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Plant and Soil

, Volume 379, Issue 1–2, pp 67–77 | Cite as

Spatial and temporal dynamics of hotspots of enzyme activity in soil as affected by living and dead roots—a soil zymography analysis

  • Marie SpohnEmail author
  • Yakov Kuzyakov
Regular Article

Abstract

Aims

Hotspots of enzyme activity in soil strongly depend on carbon inputs such as rhizodeposits and root detritus. In this study, we compare the effect of living and dead Lupinus polyphyllus L. roots on the small-scale distribution of cellulase, chitinase and phosphatase activity in soil.

Methods

Soil zymography, a novel in situ method, was used to analyze extracellular cellulase, chitinase and phosphatase activity in the presence of i. living L. polyphyllus roots prior to shoot cutting and ii. dead/dying roots 10, 20 and 30 days after shoot cutting.

Results

After shoot cutting, cellulase and chitinase activities increased and were highest at the root tips. The areas of high cellulase and phosphatase activity extend up to 55 mm away from the root. Moreover, we observed microhotspots of cellulose, chitinase, and phosphatase activity up to 60 mm away from the next living root. The number and activity of microhotspots of chitinase activity was maximal 10 days after shoot cutting.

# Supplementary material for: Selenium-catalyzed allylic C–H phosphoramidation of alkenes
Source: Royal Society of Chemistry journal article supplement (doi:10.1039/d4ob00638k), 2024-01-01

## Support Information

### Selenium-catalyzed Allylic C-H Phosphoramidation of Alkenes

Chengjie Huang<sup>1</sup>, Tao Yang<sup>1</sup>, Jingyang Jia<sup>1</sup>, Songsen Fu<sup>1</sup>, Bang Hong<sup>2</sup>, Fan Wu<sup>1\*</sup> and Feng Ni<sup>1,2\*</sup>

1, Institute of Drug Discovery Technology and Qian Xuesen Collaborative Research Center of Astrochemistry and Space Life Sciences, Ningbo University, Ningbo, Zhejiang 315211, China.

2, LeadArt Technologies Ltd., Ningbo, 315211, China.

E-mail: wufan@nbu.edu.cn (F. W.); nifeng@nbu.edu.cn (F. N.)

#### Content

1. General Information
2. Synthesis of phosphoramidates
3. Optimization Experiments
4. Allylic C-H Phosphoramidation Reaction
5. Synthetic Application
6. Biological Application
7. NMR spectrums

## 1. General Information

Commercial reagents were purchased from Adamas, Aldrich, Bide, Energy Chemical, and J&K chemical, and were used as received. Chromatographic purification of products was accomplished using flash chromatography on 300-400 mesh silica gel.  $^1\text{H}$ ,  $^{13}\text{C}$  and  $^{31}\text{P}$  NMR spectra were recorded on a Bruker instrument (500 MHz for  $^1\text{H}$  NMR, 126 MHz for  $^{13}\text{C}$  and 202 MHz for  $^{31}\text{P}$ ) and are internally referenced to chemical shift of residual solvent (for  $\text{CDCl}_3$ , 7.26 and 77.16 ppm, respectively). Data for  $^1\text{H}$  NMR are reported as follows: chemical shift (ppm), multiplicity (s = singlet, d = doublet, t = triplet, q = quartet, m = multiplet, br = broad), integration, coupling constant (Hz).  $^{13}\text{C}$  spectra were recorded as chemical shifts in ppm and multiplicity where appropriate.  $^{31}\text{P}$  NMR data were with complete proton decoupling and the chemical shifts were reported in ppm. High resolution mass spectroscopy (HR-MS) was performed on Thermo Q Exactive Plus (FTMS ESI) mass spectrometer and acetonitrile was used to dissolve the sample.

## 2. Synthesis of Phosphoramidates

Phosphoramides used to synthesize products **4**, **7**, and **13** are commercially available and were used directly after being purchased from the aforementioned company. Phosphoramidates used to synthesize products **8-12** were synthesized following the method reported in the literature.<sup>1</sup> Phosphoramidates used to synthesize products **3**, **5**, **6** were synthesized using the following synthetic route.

Conclusions

The study showed that young root detritus stimulates enzyme activities stronger than living roots. Soil zymography allowed identification of microhotspots of enzyme activity up to several cm away from living and dying roots, which most likely were caused by arbuscular mycorrhizal fungi.

Keywords

Rhizosphere Microbial hotspots Soil microbial activity Detritusphere Spatial distribution Extracellular enzymes Synergistic effects 

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Copyright information

© Springer International Publishing Switzerland 2014

Authors and Affiliations

  1. 1.Department of Soil EcologyUniversity of BayreuthBayreuthGermany
  2. 2.Department of Soil Science of Temperate EcosystemsGeorg-August-University GöttingenGöttingenGermany

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